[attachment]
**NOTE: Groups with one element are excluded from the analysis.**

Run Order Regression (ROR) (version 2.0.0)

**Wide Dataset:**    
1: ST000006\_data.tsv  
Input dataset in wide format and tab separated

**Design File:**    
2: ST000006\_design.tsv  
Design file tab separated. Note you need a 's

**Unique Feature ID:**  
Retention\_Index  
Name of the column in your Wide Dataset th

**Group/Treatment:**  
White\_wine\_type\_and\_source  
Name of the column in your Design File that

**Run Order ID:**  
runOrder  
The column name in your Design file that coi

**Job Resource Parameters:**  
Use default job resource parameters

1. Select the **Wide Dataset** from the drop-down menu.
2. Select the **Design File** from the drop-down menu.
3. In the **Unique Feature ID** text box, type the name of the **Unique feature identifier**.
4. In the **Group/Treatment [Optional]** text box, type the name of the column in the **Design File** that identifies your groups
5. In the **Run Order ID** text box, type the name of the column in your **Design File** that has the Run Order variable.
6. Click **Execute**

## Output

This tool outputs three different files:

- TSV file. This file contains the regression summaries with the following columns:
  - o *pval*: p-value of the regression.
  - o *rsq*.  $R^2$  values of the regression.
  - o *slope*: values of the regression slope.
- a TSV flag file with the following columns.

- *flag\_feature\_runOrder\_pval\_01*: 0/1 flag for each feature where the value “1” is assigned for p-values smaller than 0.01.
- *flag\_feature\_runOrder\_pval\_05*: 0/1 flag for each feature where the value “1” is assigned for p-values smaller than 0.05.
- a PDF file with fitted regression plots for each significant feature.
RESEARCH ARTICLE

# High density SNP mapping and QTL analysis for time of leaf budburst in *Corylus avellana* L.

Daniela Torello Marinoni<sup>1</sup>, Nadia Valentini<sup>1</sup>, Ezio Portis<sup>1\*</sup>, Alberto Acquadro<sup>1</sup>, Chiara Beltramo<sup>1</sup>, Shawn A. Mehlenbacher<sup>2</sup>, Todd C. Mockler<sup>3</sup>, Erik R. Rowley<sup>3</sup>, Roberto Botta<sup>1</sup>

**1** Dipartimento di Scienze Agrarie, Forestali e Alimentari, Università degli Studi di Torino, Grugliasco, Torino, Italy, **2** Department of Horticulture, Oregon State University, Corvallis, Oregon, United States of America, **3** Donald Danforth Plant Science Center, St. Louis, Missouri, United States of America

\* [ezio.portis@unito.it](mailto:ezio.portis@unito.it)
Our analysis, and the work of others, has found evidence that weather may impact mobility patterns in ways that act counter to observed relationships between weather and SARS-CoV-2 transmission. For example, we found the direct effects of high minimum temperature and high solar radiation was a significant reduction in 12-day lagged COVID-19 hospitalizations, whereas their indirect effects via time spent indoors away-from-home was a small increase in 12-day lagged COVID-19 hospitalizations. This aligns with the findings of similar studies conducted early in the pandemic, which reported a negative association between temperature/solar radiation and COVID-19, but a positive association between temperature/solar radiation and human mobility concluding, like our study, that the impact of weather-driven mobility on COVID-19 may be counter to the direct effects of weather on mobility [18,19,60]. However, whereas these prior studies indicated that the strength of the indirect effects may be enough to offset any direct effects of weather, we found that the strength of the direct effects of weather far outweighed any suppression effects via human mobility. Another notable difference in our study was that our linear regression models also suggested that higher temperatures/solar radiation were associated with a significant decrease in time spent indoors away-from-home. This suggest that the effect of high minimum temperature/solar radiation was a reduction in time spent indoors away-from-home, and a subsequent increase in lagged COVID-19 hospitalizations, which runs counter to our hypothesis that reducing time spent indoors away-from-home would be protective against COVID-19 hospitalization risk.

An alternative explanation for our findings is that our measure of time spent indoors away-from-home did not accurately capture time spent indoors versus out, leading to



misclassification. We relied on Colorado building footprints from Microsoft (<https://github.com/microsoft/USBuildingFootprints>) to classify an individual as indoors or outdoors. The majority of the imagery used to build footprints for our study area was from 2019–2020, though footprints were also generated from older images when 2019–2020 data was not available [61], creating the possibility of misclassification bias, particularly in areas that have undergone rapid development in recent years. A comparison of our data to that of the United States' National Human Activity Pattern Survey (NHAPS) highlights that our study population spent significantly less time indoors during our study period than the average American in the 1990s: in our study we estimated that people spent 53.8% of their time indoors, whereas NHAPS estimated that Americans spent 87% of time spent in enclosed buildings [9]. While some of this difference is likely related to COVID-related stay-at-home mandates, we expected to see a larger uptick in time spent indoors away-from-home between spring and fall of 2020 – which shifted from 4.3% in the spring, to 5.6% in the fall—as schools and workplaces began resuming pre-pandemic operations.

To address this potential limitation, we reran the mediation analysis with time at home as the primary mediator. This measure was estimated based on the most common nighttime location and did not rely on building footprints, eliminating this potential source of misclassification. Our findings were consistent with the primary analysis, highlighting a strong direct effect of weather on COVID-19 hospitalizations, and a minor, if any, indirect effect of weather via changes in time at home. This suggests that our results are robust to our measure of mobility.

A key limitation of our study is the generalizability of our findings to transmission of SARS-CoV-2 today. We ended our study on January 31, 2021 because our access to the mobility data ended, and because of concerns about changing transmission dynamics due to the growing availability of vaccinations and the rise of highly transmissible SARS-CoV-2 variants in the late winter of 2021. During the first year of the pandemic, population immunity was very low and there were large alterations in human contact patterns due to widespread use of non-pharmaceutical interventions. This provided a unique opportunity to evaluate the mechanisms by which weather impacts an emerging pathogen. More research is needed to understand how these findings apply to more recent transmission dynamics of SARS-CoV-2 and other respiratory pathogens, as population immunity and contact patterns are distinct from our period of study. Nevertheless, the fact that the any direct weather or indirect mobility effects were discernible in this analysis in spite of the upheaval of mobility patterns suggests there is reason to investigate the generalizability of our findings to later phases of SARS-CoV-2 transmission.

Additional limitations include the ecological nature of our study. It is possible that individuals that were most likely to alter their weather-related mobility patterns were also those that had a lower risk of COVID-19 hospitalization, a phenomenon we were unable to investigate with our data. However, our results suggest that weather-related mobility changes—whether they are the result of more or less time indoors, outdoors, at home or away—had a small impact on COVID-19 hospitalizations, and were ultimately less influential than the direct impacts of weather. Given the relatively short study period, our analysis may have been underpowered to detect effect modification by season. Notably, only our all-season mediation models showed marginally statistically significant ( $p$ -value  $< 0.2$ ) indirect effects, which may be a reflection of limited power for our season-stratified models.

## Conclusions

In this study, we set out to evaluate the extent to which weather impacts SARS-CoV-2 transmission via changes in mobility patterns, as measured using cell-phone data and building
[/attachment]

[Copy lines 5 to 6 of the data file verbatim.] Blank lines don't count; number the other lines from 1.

Input dataset in wide format and tab separated

**Design File:**    